Did I miss some plan in The Triumph of the Scarlet Pimpernel?Chauvelin's appearance at the fortuneteller's in the beginning suggests that using Theresias as a Honey Trap was originally his idea, but seriously thinking any woman could successfully seduce the Scarlet Pimpernel seems too Genre Blind even for Chauvelin! True, he implemented a different plan and used Theresias in a different way after she realized such a plan was impossible, but did he expect her to initially fail?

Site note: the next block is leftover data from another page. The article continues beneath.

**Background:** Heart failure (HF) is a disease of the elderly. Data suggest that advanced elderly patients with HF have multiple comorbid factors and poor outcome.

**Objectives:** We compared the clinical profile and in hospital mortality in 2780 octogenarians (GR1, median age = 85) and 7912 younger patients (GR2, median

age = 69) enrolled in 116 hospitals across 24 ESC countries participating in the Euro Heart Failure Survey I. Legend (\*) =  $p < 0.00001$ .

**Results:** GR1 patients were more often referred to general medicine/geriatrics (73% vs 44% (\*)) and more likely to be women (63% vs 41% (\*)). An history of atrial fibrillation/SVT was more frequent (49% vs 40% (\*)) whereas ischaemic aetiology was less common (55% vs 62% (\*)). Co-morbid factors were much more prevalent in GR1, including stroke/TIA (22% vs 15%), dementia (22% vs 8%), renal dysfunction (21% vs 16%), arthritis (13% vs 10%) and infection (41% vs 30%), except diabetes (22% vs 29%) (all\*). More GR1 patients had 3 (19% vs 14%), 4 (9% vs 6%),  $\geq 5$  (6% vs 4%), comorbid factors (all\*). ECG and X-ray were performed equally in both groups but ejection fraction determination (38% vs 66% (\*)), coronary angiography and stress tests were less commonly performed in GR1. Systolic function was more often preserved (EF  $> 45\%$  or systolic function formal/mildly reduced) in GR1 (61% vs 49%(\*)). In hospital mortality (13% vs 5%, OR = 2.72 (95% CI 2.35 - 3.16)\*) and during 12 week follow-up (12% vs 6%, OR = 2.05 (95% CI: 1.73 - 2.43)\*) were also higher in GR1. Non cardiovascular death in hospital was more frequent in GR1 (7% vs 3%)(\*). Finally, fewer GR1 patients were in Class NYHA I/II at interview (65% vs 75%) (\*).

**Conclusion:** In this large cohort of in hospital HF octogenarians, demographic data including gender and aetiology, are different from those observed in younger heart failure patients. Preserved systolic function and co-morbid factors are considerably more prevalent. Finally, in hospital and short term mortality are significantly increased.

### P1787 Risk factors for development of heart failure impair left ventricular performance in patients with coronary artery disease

We could have all avoided this in EldoradoWhile reading Eldorado for the first time, when I reached Part II, I initially wondered why Chauvelin didn't pull an I Have Got Your Wife with Marguerite like in The Elusive Pimpernel and try to force Sir Percy to give up his information that way. I then actually considered, "Maybe he's actually learned his lesson that that never works"... until Part III, where he goes and holds Marguerite hostage to foce her husband's hand! If, in context, Chauvelin sees no problem with using this plan again, why didn't he just do that in the first place as soon as he located Marguerite in Paris instead of waiting another 10 days? Is there any way to explain this besides Genre Blindness?